Cellular automaton models are based on a spatial grid, where the dynamics is defined by some local rules of interaction among neighboring nodes. The interaction rules can be deterministic or stochastic (that is, dictated by some random processes, with probabilities imposed). Each grid point may represent an individual cell, or a cluster of cells; for simplicity we will refer to them as "cells". To begin, we present a very simple model of tumor growth which illustrates the method. We start from a rectangular, two-dimensional grid. Let us refer to a grid point as x ij ^ where i and j are the horizontal and vertical coordinates of the point. Each node, iCg j j can be a healthy cell, a cancer cell, or a dead cell. We start from an initial distribution of tumor cells, healthy cells and dead cells. For each time-step, we update the grid values according to some local interaction rules. Let us denote the discrete time variable as n = 1,2, Here is an example of an update rule. At each time step, we update one site, in a fixed order;

+ 1) is given by the following:

• If Xij is surrounded by a layer of thickness 8 of tumor cells, it dies.

£C j j IS du tumor cell not surrounded by a ¿-layer of tumor cells, it reproduces. This means that the site x,l3 remains a tumor cell, and in addition, one of its neighbors (chosen at random) becomes a tumor cell. As a result, all the non-dead cells on that side of Xij between xVJ and the nearest dead cell, are shifted away from x, j by one position.

• If x^ is a healthy cell, it remains a healthy cell.

Of course, this is only a toy model. Cellular automata models used to describe realistic situations are more complicated as they have to grasp many aspects of tumor biology. For instance, Kansal et al. [Kansal et al. (2000)] used a very sophisticated three-dimensional cellular automaton model of brain tumor growth. It included both proliferative and non-proliferative cells, an isotropic lattice, and an adaptive grid lattice.

Cellular automata have been used to study a variety of questions. Alar-con et al. [Alarcon et al. (2003)] studied how inhomogeneous environments can affect tumor growth. They considered a network of normal healthy blood vessels and used an (engineering in spirit) approach to model the dynamics of blood flow through this fixed network. The outcome of this part of the model was the distribution of oxygen (red blood cells) throughout the network. Next, a cellular automaton model was run where, like in our toy model above, each element of the discrete spatial grid could take one of three values: "unoccupied", "has a normal cell", or "has a cancerous cell". The concentration of oxygen was fed into the local interaction rules.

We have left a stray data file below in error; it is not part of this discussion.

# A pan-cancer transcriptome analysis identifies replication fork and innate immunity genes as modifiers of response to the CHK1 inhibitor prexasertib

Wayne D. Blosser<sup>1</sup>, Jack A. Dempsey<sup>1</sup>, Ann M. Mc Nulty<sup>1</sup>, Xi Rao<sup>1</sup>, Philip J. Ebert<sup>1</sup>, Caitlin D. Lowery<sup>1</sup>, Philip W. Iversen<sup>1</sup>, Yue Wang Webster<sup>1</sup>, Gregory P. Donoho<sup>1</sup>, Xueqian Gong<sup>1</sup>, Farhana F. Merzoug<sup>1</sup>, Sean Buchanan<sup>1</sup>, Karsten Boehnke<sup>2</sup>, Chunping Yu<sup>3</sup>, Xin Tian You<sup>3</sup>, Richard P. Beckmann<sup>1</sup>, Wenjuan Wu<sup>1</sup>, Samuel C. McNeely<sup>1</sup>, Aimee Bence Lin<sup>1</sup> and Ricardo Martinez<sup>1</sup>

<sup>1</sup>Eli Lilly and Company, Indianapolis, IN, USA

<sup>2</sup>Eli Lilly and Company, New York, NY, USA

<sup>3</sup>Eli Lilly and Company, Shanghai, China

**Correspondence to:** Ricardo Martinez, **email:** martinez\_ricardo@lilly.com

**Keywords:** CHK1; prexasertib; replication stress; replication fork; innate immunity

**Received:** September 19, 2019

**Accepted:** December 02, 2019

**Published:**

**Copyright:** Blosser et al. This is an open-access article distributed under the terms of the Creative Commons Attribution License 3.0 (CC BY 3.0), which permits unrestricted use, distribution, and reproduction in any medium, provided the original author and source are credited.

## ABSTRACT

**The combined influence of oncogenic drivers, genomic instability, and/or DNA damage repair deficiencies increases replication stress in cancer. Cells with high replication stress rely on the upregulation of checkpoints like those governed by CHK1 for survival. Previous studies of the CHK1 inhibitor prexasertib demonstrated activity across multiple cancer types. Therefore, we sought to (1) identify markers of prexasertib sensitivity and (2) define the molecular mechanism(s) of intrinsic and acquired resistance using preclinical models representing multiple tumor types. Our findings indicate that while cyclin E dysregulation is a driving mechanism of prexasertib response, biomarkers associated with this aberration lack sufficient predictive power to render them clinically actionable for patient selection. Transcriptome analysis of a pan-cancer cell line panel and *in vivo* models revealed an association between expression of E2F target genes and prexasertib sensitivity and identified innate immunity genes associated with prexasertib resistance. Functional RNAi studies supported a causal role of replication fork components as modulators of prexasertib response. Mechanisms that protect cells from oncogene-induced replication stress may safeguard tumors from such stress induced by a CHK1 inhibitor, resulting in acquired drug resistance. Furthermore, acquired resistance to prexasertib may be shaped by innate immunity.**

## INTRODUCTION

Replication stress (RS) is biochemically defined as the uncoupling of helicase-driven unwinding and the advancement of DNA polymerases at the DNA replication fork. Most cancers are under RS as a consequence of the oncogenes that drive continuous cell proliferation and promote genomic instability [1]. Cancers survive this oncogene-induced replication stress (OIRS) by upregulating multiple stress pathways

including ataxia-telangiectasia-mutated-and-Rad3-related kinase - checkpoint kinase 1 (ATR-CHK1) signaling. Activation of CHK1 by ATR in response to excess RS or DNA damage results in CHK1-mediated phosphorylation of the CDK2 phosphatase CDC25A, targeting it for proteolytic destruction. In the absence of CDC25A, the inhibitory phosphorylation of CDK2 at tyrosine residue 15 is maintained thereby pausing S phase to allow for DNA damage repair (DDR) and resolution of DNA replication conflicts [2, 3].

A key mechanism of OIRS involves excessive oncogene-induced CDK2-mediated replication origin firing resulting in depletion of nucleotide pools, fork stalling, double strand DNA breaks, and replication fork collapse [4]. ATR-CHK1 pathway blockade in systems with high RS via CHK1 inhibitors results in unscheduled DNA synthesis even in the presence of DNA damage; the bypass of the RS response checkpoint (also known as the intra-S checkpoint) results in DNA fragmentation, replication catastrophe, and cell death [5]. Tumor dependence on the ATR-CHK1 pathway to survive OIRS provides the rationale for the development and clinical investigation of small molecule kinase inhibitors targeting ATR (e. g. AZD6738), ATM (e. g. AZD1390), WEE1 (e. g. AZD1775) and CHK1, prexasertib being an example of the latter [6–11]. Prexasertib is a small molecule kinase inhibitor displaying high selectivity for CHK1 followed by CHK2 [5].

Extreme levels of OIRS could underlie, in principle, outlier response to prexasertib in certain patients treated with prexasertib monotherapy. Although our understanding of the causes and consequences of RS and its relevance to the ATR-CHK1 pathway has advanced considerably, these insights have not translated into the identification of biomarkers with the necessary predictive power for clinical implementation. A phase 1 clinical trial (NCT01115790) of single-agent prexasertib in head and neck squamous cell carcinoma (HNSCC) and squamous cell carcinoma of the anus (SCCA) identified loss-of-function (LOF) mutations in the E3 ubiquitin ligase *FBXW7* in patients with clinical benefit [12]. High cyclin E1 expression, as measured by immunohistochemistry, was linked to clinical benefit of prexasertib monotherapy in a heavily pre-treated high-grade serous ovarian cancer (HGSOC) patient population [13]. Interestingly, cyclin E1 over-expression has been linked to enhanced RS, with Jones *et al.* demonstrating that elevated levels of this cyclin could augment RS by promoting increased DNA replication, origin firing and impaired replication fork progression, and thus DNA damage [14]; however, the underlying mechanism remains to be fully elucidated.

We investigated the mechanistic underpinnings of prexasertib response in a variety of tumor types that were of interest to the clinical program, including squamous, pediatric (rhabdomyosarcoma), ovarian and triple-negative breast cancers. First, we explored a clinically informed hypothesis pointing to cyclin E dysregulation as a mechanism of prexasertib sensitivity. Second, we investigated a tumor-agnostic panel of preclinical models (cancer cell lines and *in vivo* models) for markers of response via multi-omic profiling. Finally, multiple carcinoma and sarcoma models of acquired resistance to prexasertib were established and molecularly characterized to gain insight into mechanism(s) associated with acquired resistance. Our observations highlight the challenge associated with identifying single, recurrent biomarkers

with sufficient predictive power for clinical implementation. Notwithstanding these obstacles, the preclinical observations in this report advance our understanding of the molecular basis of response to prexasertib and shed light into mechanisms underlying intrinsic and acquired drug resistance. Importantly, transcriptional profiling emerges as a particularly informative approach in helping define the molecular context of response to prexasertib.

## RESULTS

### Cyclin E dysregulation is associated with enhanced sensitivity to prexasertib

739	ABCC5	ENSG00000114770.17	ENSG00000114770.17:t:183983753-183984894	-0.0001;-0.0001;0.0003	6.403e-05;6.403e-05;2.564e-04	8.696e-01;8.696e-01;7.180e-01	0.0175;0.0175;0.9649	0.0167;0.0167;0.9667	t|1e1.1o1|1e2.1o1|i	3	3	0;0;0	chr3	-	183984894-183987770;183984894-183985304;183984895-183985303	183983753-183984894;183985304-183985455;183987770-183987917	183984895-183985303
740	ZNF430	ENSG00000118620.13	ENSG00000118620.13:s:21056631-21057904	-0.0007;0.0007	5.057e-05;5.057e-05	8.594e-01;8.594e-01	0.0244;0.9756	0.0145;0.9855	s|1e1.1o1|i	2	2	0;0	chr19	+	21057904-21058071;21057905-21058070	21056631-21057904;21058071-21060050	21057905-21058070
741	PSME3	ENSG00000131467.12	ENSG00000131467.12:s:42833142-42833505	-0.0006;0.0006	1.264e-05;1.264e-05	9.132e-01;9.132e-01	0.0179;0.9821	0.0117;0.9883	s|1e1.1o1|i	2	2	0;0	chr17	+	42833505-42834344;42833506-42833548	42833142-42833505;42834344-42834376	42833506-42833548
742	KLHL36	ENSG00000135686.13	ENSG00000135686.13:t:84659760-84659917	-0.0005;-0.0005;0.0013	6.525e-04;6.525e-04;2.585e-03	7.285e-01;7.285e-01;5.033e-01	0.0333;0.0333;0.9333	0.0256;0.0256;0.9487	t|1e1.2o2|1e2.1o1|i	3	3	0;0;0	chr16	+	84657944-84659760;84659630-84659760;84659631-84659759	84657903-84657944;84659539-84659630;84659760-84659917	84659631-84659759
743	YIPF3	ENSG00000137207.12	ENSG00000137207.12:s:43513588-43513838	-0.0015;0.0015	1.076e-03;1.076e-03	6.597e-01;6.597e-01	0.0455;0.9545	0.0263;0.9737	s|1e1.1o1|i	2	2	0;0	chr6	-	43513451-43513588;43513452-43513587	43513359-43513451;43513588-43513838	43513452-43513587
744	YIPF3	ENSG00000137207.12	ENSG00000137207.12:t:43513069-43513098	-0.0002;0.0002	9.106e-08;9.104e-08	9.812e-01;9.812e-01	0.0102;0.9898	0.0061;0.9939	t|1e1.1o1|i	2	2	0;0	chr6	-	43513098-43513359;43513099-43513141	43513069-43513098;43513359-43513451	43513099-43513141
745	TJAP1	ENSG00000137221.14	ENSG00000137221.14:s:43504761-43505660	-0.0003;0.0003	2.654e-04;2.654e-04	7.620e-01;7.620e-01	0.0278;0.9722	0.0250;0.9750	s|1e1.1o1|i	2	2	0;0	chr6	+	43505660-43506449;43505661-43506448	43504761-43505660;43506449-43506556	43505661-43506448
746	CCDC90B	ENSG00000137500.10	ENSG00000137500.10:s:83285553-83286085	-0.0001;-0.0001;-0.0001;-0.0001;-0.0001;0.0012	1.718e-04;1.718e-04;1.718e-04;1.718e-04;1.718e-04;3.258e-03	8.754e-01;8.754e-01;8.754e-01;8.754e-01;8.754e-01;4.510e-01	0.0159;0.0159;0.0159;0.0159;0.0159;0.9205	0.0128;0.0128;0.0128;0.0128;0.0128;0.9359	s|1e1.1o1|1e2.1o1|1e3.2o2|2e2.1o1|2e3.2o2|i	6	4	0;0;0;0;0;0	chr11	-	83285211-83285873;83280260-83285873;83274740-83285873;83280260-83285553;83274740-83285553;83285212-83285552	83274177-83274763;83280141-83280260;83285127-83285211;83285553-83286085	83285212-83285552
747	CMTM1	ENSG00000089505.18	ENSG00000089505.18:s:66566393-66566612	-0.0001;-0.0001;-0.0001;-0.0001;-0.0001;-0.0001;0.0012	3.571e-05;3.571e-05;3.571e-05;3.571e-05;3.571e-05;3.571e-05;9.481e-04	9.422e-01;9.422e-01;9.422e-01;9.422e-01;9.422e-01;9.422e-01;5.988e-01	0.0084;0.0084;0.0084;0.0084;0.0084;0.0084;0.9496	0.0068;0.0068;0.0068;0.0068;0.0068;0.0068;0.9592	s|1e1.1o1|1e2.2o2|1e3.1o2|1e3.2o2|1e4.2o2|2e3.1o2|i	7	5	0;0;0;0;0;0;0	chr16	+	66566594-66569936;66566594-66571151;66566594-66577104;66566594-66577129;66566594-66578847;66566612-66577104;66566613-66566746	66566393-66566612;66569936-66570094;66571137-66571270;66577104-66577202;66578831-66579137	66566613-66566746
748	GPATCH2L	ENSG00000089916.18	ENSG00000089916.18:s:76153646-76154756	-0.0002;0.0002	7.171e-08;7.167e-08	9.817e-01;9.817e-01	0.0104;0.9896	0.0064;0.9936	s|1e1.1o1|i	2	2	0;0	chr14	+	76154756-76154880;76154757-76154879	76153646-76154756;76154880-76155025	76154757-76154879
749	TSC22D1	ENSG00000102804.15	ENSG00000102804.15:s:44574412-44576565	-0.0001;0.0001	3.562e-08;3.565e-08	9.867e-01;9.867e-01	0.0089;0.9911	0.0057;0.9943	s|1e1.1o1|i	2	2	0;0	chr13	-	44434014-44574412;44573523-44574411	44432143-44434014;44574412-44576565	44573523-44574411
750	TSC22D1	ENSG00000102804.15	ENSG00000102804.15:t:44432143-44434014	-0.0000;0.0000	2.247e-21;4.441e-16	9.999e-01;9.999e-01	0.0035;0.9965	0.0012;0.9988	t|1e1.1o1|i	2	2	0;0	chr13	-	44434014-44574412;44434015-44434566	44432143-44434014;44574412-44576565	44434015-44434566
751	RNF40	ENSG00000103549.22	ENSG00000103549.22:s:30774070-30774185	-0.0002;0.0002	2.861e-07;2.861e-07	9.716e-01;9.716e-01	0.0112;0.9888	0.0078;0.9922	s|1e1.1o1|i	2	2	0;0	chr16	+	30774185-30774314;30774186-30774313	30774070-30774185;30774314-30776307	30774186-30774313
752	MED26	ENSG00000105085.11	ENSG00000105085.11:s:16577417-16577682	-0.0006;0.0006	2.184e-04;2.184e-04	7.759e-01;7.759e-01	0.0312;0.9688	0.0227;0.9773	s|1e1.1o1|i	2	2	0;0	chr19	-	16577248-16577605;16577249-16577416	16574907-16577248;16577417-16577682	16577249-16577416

In the paper by Gatenby and Gawlinski [Gatenby and Gawlinski (2003)], the acid-mediated tumor invasion hypothesis was studied. This hypothesis states that tumors are invasive because they perturb the environment in such a way that it is optimal for their proliferation, and toxic to the normal cells with which they compete for space and substrate. The authors considered a spatial tumor invasion model, using PDEs and cellular automata. The model was based on the competition of healthy and tumor cells, with elements of acid production by tumor cells, acid reabsorption, buffering and spatial diffusion of acid and cells. The authors propose that the associated glycolytic phenotype represents a successful adaptation to environmental selection parameters because it confers the ability for the tumor to invade.

A cellular automaton model of tumor angiogenesis was designed by [Anderson and Chaplain (1998)]. In their discrete model, the movement rules between states are based directly on a discretized form of the continuous model, which was considered in the previous section. The discretization is performed by using the Euler finite difference approximation to the PDEs. Then, numerical simulations allow for tracking the dynamics of individual endothelial cells, as they build blood vessels in response to TAFs. A qualitatively novel feature of this model is its ability to describe branching of new vessels by imposing some simple local rules. In particular, it is assumed that if the density of TAFs is above critical, there is enough space for branching, and the current sprout is sufficiently "old", then there is a finite probability for the vessel to branch and form a new sprout. This behavior cannot be grasped by the continuous, PDE-based models.

Finally, we would like to mention that apart from cellular automaton type models, there is an emerging area of agent-based modeling applied to tumor growth. In such models, each cell is modeled as an agent with some "strategy". In a paper by [Mansury and Deisboeck (2003)], an agent-based model was applied to investigate migration of tumor cells. It was assumed that tumor cells can proliferate or migrate, depending on nutrition and toxicity of their environment, using a local search algorithm. It turned out that the search precision did not have to be 100% to ensure the maximum invasion velocity. It had a saturation level, after which it did not pay to overexpress the genes involved in the search.